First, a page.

Tender documents for the contract to build the line are expected to be unveiled at the end of September. Seven companies have already pre-qualified to participate in the process.
PICTURED: President Juan Carlos Varela flanked by government officials and representatives of two Japanese and an Italian firm attend a ceremony for the signing of the agreement.
Why smart lighting could be a game changer in Latin America – Regional
IT-based lighting provider Signify, the new brand of Philips Lighting, sees smart lighting revolutionizing not only cities and energy but also telecommunications.
Formerly Philips Lighting, which became a standalone company following its spin-off from Royal Philips in 2016, Philips Lighting was rebranded as Signify this year.
Speaking to BNamericas on the sidelines of the America Digital conference in Santiago, Chile, Signify’s head of Open Innovation for EMEA, Mercedes Crego, said the company is looking to introduce new solutions that will bond with 5G technology when it appears in the coming years.
The Smart Fusion Pole is a new innovation developed by Signify and American Tower combining energy-efficient LED lighting and wireless capabilities for mobile network operators.
The pole is optimized for small-cell deployment to address infrastructure needs of 5G and IoT. The first deployment was announced this year in Huntington Beach, California.
“With 5G there will be a need for a lot more boxes for antennas. In this case we economize on the level of infrastructure needed,” Mercedes Crego, Signify’s head of Open Innovation for EMEA, told BNamericas on the sidelines of the America Digital conference in Santiago, Chile, adding that trials are underway in the region.
LIGHTING THE WAY IN SUPERMARKETS
Signify has also developed a technology where connected LED lighting acts as GPS, transmitting location information to an app that shoppers can use to find products in a supermarket, for example.
The LED-based indoor positioning technology does not require additional hardware investments besides the light fixtures themselves, and offers 50% energy consumption savings.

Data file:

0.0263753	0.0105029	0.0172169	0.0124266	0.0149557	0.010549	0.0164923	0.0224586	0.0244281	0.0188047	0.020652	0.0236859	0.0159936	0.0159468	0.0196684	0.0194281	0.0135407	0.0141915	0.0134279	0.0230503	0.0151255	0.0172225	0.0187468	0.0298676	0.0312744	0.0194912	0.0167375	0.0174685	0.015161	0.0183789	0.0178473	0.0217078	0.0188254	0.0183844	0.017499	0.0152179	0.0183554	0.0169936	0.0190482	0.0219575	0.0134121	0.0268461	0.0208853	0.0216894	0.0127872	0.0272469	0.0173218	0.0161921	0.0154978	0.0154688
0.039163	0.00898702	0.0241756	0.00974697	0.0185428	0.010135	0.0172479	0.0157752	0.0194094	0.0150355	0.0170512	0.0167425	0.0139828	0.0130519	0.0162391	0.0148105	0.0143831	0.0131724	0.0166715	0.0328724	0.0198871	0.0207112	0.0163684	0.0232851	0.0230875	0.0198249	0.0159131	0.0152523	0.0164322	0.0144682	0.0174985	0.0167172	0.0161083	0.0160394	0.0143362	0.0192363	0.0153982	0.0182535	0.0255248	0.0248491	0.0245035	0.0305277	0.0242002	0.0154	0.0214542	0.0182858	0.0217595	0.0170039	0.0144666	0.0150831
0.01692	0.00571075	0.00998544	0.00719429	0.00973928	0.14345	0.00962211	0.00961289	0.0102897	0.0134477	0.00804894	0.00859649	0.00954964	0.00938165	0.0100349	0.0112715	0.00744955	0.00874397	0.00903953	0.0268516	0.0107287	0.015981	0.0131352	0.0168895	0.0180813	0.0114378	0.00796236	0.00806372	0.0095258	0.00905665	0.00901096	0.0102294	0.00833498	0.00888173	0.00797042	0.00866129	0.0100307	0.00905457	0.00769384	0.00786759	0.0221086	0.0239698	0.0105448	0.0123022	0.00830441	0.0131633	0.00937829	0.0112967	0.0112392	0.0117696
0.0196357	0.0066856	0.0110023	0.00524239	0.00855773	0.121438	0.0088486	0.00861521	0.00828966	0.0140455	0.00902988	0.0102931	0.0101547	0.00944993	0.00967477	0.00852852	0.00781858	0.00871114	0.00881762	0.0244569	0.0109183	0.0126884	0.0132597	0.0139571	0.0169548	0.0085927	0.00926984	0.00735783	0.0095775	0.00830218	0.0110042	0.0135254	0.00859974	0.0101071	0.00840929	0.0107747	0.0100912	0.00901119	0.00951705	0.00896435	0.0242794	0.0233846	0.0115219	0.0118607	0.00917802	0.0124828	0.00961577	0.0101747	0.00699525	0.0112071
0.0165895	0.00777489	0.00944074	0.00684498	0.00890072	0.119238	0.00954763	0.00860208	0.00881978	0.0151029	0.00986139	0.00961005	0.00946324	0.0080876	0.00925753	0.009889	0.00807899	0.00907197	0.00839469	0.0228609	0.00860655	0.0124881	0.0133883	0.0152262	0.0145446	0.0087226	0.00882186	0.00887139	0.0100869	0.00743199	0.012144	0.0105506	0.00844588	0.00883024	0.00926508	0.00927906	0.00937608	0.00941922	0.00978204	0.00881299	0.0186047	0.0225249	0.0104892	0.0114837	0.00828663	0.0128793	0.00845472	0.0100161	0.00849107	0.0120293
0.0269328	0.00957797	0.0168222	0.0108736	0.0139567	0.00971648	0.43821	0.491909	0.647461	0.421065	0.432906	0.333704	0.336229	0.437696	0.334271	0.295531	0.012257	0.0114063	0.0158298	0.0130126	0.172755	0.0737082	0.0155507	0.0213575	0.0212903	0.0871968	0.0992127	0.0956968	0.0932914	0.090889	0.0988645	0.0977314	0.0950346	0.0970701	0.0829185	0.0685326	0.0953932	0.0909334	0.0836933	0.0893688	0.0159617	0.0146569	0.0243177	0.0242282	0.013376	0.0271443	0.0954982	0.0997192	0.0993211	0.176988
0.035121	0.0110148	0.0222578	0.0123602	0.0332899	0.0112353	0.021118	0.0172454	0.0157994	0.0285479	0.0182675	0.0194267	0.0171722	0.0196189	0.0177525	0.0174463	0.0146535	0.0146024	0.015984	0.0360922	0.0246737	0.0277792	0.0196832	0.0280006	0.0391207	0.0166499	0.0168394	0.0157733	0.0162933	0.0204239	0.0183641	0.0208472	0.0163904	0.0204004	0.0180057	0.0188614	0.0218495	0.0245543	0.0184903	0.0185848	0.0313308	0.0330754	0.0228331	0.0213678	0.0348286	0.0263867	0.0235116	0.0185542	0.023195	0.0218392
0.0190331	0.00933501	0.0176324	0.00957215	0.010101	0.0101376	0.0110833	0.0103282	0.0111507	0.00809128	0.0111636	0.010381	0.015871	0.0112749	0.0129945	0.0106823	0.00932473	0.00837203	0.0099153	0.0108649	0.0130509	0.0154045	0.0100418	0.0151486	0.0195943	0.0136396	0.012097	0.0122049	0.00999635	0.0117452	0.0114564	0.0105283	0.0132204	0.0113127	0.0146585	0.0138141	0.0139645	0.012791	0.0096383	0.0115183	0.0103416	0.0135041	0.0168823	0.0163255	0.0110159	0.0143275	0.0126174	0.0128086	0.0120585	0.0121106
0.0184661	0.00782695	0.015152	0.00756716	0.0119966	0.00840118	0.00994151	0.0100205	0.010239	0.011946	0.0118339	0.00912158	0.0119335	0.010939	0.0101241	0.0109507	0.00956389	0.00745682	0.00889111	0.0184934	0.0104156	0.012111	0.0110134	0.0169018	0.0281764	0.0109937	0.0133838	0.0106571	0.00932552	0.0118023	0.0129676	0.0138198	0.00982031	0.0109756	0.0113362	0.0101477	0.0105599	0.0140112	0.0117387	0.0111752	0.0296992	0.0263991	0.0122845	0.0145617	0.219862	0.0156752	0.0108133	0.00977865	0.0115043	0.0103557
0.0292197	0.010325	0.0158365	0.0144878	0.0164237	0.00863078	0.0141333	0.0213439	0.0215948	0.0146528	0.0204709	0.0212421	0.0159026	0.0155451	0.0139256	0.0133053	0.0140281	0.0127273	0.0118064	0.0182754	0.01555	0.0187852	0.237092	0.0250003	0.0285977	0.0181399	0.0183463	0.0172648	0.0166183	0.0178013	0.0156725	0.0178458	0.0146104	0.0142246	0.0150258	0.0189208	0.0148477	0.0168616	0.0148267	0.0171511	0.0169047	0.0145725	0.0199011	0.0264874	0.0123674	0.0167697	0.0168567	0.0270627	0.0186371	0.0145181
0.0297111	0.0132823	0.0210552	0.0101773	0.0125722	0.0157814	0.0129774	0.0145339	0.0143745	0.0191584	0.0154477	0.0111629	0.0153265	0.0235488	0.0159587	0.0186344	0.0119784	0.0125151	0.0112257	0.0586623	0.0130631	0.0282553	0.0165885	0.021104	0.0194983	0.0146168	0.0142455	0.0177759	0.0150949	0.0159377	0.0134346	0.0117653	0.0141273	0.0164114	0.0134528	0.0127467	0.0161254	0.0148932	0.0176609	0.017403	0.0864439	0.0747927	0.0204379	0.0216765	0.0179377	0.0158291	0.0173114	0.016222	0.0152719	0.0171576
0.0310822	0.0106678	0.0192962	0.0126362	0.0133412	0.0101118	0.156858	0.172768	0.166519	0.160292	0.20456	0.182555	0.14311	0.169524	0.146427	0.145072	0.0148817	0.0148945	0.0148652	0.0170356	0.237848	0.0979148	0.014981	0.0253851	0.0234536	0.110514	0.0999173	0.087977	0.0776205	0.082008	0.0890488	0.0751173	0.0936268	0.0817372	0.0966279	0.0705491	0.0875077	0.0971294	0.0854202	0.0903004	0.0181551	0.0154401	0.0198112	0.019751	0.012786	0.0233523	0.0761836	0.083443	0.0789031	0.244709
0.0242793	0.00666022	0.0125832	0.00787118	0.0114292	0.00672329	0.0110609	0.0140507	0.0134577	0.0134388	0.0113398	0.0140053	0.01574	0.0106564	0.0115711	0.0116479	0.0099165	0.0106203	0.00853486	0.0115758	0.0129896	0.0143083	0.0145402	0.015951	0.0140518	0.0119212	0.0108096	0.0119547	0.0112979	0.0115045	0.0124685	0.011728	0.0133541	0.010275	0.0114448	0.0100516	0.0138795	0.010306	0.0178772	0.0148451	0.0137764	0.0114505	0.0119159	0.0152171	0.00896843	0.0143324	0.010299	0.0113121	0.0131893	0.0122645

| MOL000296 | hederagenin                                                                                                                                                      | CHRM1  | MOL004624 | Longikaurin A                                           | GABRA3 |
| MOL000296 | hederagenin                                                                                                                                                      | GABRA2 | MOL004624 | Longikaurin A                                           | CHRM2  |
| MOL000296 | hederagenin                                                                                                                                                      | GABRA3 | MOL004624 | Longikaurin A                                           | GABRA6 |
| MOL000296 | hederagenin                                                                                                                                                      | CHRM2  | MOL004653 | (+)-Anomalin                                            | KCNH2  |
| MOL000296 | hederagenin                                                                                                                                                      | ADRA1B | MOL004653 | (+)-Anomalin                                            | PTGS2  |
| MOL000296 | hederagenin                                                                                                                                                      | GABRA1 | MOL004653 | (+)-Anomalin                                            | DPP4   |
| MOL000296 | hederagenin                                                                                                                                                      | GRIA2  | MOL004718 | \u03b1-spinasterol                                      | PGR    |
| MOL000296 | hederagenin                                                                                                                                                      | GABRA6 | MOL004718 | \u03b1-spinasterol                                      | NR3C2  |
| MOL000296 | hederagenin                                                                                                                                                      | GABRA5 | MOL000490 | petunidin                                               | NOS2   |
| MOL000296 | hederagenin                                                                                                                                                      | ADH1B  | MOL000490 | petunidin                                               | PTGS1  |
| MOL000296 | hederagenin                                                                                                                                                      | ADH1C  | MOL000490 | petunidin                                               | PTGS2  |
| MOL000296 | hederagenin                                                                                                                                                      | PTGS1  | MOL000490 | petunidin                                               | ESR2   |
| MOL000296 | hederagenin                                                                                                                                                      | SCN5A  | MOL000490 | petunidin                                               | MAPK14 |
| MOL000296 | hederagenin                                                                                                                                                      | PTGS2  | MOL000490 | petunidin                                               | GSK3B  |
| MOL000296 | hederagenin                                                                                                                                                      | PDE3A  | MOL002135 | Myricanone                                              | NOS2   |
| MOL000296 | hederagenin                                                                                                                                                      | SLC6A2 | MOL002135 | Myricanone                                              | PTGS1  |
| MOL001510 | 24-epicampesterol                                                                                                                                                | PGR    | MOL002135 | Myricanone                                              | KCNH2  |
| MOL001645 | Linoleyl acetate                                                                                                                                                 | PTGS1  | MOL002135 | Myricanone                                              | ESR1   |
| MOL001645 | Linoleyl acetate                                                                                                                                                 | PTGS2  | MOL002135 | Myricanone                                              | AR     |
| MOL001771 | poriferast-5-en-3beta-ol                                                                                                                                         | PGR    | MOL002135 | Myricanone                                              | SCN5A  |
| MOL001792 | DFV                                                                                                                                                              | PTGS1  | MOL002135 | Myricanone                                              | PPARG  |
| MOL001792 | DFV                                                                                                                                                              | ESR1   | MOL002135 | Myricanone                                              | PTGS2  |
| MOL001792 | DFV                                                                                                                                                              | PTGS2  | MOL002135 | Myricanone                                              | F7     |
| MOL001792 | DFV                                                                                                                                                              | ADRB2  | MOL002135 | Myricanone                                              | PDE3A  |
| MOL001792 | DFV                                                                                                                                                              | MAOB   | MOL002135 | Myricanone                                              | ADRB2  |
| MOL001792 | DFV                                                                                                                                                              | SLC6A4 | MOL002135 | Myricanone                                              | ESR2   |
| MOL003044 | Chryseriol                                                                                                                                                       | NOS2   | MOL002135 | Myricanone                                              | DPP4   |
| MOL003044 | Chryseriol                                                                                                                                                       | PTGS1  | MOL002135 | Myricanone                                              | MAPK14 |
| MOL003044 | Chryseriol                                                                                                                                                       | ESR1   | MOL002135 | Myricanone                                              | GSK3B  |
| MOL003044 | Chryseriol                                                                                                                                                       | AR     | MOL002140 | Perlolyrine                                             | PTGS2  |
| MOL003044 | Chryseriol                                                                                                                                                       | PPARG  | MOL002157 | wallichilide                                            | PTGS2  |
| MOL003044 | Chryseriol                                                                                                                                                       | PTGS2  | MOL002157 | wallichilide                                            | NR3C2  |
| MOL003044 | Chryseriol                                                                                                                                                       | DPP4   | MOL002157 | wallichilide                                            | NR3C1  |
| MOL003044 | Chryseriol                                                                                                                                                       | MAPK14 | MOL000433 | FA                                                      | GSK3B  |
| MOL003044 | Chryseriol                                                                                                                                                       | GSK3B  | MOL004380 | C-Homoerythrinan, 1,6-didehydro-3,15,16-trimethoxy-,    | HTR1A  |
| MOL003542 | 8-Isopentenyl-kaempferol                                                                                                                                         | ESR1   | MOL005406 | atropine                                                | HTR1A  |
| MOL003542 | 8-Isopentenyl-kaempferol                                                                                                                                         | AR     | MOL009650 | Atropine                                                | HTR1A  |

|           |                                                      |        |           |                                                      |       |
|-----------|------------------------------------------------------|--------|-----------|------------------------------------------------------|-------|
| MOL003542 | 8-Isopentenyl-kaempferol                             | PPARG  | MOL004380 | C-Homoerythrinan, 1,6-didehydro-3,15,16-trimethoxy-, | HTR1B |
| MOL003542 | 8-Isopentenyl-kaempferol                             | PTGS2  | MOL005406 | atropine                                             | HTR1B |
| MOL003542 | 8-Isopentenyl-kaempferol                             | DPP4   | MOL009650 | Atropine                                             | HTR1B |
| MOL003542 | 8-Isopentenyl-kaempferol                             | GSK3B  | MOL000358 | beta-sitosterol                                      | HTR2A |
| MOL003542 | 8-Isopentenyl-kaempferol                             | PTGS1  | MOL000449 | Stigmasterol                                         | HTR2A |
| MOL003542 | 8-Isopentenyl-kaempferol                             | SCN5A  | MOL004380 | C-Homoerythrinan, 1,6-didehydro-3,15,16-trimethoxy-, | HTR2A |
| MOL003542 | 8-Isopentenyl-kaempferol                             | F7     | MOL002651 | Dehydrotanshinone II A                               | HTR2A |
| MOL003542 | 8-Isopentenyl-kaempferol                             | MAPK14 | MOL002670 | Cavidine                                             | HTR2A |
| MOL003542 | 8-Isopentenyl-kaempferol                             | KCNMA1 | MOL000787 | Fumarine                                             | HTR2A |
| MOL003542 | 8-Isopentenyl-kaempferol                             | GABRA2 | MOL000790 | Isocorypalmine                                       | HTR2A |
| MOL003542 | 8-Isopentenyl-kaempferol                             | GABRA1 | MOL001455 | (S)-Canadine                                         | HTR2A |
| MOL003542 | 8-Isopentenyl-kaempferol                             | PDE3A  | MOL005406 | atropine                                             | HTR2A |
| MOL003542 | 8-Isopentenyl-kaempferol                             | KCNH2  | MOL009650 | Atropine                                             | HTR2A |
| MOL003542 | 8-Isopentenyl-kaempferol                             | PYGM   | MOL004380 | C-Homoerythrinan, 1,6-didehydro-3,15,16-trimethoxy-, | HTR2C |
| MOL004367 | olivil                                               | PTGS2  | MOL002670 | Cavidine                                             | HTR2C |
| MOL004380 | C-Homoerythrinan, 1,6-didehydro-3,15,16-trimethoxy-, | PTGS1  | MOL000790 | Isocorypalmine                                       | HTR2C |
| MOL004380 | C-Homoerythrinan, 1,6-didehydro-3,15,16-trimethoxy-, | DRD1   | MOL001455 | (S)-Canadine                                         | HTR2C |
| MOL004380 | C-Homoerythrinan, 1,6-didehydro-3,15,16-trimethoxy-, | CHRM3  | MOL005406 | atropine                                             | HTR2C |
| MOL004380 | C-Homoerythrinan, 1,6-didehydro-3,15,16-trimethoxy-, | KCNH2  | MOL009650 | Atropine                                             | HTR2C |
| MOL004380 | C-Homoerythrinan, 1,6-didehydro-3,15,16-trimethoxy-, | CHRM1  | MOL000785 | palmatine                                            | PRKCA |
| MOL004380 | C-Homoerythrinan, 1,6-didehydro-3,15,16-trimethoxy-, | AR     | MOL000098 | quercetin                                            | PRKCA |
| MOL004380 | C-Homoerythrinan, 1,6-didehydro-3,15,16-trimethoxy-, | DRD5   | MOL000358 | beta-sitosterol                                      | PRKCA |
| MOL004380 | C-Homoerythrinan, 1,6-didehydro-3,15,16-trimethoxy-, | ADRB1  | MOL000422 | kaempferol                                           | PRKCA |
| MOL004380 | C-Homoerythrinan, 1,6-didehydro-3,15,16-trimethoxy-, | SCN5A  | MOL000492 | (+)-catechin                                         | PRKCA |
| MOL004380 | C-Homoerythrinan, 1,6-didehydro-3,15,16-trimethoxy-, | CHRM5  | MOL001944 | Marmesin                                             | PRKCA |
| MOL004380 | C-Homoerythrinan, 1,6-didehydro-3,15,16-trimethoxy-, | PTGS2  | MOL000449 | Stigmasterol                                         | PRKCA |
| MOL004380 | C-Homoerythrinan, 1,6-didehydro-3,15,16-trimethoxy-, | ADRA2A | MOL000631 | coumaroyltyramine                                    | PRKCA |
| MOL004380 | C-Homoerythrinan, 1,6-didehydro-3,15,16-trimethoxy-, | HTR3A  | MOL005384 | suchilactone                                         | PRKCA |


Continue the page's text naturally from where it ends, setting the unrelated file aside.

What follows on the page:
Deployments already exist in French retail giant Carrefour in Lille with 800 linear LED fixtures.
Signify is also now offering Light Fidelity (LiFi), a technology in which high quality LED lighting provides a broadband internet connection through light waves.
LiFi is a two-way, high-speed wireless technology similar to Wi-Fi but uses light waves instead of radio waves to transmit data. LiFi technology can provide broadband connections with a speed of 30Mbps without compromising lighting quality.
For the smart-connected home Signify has a line of Wi-Fi-enabled color changing LED lamps that allow different devices to be controlled, monitored and even repaired remotely.
“Lights can talk to each other and can be fixed remotely. Lighting is the most pervasive infrastructure that exists. So there is huge potential for IoT,” says Crego.
Crego sees lighting technology as a useful complement to national broadband plans given that electricity is virtually everywhere and that infrastructure can be used to extend last mile communications.
In Chile, Signify made the first deployment in Latin America of managed public lighting in the town of Lago Ranco, where 350 white light LED lights were deployed, reducing power consumption by 40%. General Packet Radio Service (GPRS), was used allowing the lighting to be monitored remotely.
According to Crego, the use of white light improves the effectiveness of facial recognition and color perception for surveillance cameras in dimly lit conditions.
With operations in more than 70 countries and 32,000 people worldwide, Signify generated sales of 7bn euros (US$8.1bn) and invested 354mn euros in R&D in 2017.
Signify continues to use the Philips brand for its products under the existing licensing agreement with Royal Philips but expects the name change to be implemented in all the countries by the beginning of 2019.